In my last chicken post there was some discussion about the logistics of raising chickens that I'd like to touch on.
First, the aspect of large numbers and bird safety. This past week we combined our laying flock of 55 Black Australorp hens who are a year old with the 120 new pullets that are a mixed bag of Barred Rock, Silver Laced Wyandotte and Ameracaunas. It's always a little dicey combining groups of chickens. Have you heard the term "pecking order"? All livestock establish a pecking order but chickens are the worst. I joke with Hubby that they are worse than junior high girls!
There are a few things we did to ease this transition:
1. We moved the pullets into the hens. This is important so that the hens are in their home where they are comfortable and they will keep laying.
2. They have plenty of space to move away from one another if tensions get out of hand.
3. Feeders and waterers are placed all around the fenced pasture so that the hens can't "defend" them and keep the little ones away.
Here is the whole group. The pen in the middle is a range shelter completely covered in tin and with the wire removed from the front and next boxes on either side. They can go in for shade or to keep dry, if they want.
The chickens are fenced in with electrified poultry netting from Premier. This keeps the chickens in and the predators out. Every time you lose an animal to a predator, it's operator error. That's a hard thing for us humans to admit: that we did something wrong that caused this. We have a lot of predator pressure. Just last night I laid in bed and listened to the coyotes howl across the lake. Hubby has gone out when we've heard them on this side to make sure things were secure.
If you did the math from above, this fall we'll have 175 chickens laying eggs. If 2/3 of them lay an egg every day, that's about 116 eggs per day (about 9 dozen). Currently, we sell our eggs for $3 per dozen. That's $27 per day, and just under $10,000 per year. Our favorite farm, Polyface Farms, sells about $300,000 worth of eggs per year on this same production model. Our chickens require about a half hour of work every morning and 20 minutes every evening. I spend 15 minutes washing and packing eggs per day. So, for just over an hours worth of work...that's pretty good money!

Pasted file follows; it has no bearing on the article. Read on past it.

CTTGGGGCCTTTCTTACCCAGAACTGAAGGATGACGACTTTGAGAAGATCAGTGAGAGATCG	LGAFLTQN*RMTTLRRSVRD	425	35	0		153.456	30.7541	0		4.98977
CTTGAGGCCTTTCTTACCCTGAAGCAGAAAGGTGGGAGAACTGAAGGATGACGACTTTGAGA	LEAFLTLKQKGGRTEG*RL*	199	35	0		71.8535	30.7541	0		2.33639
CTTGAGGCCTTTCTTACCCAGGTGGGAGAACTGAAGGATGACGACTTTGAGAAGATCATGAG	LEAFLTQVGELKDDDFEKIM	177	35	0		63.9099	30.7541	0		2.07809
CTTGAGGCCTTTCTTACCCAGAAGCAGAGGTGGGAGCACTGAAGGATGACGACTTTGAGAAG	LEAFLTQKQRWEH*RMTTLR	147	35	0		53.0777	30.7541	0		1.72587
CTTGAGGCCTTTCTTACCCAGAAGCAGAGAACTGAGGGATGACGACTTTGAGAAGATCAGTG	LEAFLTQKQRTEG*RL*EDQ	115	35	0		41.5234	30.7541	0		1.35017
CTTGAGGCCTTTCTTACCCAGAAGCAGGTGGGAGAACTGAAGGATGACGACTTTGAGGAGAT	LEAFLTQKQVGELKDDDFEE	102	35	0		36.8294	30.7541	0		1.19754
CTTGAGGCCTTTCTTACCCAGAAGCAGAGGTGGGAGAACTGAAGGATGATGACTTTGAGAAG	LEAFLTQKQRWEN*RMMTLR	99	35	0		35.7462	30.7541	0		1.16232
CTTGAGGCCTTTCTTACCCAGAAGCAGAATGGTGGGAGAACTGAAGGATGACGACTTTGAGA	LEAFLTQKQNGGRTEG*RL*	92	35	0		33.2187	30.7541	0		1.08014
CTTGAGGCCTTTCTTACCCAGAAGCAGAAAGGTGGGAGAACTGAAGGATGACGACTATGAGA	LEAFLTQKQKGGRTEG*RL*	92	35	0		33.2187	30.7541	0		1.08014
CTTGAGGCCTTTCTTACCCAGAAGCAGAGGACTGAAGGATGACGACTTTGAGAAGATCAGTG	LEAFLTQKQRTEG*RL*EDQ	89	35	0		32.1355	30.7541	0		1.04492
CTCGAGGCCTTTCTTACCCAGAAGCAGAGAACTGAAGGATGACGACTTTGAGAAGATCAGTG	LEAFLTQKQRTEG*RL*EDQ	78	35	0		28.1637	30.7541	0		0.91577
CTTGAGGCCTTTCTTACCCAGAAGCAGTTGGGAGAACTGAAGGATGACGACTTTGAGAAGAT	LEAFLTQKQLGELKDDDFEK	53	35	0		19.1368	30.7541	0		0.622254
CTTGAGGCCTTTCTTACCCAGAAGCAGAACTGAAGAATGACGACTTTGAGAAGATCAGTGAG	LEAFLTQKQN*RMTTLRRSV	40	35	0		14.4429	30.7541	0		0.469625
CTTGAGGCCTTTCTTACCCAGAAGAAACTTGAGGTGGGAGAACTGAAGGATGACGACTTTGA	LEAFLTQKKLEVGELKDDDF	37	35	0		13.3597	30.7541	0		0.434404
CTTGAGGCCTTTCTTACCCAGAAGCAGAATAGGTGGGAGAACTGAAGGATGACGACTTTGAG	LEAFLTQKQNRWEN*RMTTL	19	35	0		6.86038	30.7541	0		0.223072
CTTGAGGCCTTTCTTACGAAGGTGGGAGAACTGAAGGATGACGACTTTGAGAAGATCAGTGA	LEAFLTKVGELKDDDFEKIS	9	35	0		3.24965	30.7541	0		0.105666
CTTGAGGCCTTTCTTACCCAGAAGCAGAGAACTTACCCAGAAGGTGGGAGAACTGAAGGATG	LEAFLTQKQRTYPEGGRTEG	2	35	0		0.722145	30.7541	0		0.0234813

Not to mention the amazing job they do at eating weeds, trimming alfalfa, eating bugs and applying natural fertilizer rich in nitrogen!
The second point from the last post is that everyone should have chickens. I'm serious. Certainly every farm, but also town folks. Many municipalities allow chickens as long as you don't have a rooster. Think of the fun you would have with five of these beauties in your backyard?
|Ameracauna pullet in front, Silver Laced Wyandotte behind her, and Barred Rocks in the back.|
Because chickens are omnivores, they would mow your lawn, provide natural bug control, consume all your kitchen scraps and you could compost their manure AND get eggs!! It's a win-win!
If more people raised chickens, we wouldn't need large factory confinement egg facilities at all.
And, as my friend from sailorssmallfarm pointed out, if we ate less processed foods like cake mixes, we wouldn't need as many eggs. Did you know there's powdered egg in salad dressings? Did you know that they use all the broken eggs in powdered eggs?
And, a personal note...
Ameracaunas are not a standardized breed. That means that there is a LOT of variation from chicken to chicken which is exciting for someone like me who likes a lot of diversity.
This is my favorite chicken, Cleopatra.
She is fierce and gorgeous and utterly wonderful. And the only chicken who is named. She is definitely the queen of the pasture. And she'll lay blue-green eggs. I can't wait!